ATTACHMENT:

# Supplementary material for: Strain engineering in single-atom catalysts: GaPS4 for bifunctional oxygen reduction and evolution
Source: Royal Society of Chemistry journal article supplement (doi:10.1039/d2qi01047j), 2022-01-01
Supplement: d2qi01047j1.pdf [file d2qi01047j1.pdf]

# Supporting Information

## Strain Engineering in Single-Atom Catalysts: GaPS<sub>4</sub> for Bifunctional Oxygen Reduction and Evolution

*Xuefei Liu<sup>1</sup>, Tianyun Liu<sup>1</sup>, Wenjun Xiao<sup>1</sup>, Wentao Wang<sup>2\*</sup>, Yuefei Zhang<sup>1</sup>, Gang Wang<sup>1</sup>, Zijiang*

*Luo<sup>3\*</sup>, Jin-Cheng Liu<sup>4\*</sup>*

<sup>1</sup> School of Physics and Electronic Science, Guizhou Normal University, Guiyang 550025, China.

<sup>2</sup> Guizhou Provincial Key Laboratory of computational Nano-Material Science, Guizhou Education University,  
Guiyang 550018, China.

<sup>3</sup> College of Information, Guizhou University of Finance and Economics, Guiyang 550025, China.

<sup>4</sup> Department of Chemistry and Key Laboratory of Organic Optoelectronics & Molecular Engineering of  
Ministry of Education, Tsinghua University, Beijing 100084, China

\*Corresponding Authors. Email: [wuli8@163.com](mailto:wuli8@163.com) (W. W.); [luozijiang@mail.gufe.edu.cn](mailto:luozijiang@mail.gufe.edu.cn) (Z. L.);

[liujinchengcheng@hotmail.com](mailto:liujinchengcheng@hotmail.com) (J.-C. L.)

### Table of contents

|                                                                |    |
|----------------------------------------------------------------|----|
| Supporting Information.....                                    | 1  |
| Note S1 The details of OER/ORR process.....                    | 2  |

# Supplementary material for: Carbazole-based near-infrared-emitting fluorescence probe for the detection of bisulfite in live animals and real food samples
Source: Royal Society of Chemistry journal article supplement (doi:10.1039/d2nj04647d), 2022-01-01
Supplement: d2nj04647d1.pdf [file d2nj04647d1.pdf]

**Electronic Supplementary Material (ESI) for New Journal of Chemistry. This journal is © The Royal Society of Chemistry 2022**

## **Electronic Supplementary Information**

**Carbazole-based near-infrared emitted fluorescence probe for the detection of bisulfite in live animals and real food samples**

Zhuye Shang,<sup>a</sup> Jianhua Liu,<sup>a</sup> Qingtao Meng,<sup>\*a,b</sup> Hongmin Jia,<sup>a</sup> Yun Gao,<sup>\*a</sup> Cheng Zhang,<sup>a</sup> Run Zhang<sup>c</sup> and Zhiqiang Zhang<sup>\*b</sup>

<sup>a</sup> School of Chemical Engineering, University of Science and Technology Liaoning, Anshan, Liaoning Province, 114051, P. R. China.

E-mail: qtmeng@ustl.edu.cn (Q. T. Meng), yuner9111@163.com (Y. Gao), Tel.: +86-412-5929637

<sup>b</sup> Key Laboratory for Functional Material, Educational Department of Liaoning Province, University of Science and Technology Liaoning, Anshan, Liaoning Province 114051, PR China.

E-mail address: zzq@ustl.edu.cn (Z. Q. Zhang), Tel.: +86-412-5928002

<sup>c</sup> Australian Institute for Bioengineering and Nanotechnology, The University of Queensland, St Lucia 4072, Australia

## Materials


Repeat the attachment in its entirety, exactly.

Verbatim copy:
# Supplementary material for: Strain engineering in single-atom catalysts: GaPS4 for bifunctional oxygen reduction and evolution
Source: Royal Society of Chemistry journal article supplement (doi:10.1039/d2qi01047j), 2022-01-01
Supplement: d2qi01047j1.pdf [file d2qi01047j1.pdf]

# Supporting Information

## Strain Engineering in Single-Atom Catalysts: GaPS<sub>4</sub> for Bifunctional Oxygen Reduction and Evolution

*Xuefei Liu<sup>1</sup>, Tianyun Liu<sup>1</sup>, Wenjun Xiao<sup>1</sup>, Wentao Wang<sup>2\*</sup>, Yuefei Zhang<sup>1</sup>, Gang Wang<sup>1</sup>, Zijiang*

*Luo<sup>3\*</sup>, Jin-Cheng Liu<sup>4\*</sup>*

<sup>1</sup> School of Physics and Electronic Science, Guizhou Normal University, Guiyang 550025, China.

<sup>2</sup> Guizhou Provincial Key Laboratory of computational Nano-Material Science, Guizhou Education University,  
Guiyang 550018, China.

<sup>3</sup> College of Information, Guizhou University of Finance and Economics, Guiyang 550025, China.

<sup>4</sup> Department of Chemistry and Key Laboratory of Organic Optoelectronics & Molecular Engineering of  
Ministry of Education, Tsinghua University, Beijing 100084, China

\*Corresponding Authors. Email: [wuli8@163.com](mailto:wuli8@163.com) (W. W.); [luozijiang@mail.gufe.edu.cn](mailto:luozijiang@mail.gufe.edu.cn) (Z. L.);

[liujinchengcheng@hotmail.com](mailto:liujinchengcheng@hotmail.com) (J.-C. L.)

### Table of contents

|                                                                |    |
|----------------------------------------------------------------|----|
| Supporting Information.....                                    | 1  |
| Note S1 The details of OER/ORR process.....                    | 2  |

# Supplementary material for: Carbazole-based near-infrared-emitting fluorescence probe for the detection of bisulfite in live animals and real food samples
Source: Royal Society of Chemistry journal article supplement (doi:10.1039/d2nj04647d), 2022-01-01
Supplement: d2nj04647d1.pdf [file d2nj04647d1.pdf]

**Electronic Supplementary Material (ESI) for New Journal of Chemistry. This journal is © The Royal Society of Chemistry 2022**

## **Electronic Supplementary Information**

**Carbazole-based near-infrared emitted fluorescence probe for the detection of bisulfite in live animals and real food samples**

Zhuye Shang,<sup>a</sup> Jianhua Liu,<sup>a</sup> Qingtao Meng,<sup>\*a,b</sup> Hongmin Jia,<sup>a</sup> Yun Gao,<sup>\*a</sup> Cheng Zhang,<sup>a</sup> Run Zhang<sup>c</sup> and Zhiqiang Zhang<sup>\*b</sup>

<sup>a</sup> School of Chemical Engineering, University of Science and Technology Liaoning, Anshan, Liaoning Province, 114051, P. R. China.

E-mail: qtmeng@ustl.edu.cn (Q. T. Meng), yuner9111@163.com (Y. Gao), Tel.: +86-412-5929637

<sup>b</sup> Key Laboratory for Functional Material, Educational Department of Liaoning Province, University of Science and Technology Liaoning, Anshan, Liaoning Province 114051, PR China.

E-mail address: zzq@ustl.edu.cn (Z. Q. Zhang), Tel.: +86-412-5928002

<sup>c</sup> Australian Institute for Bioengineering and Nanotechnology, The University of Queensland, St Lucia 4072, Australia

## Materials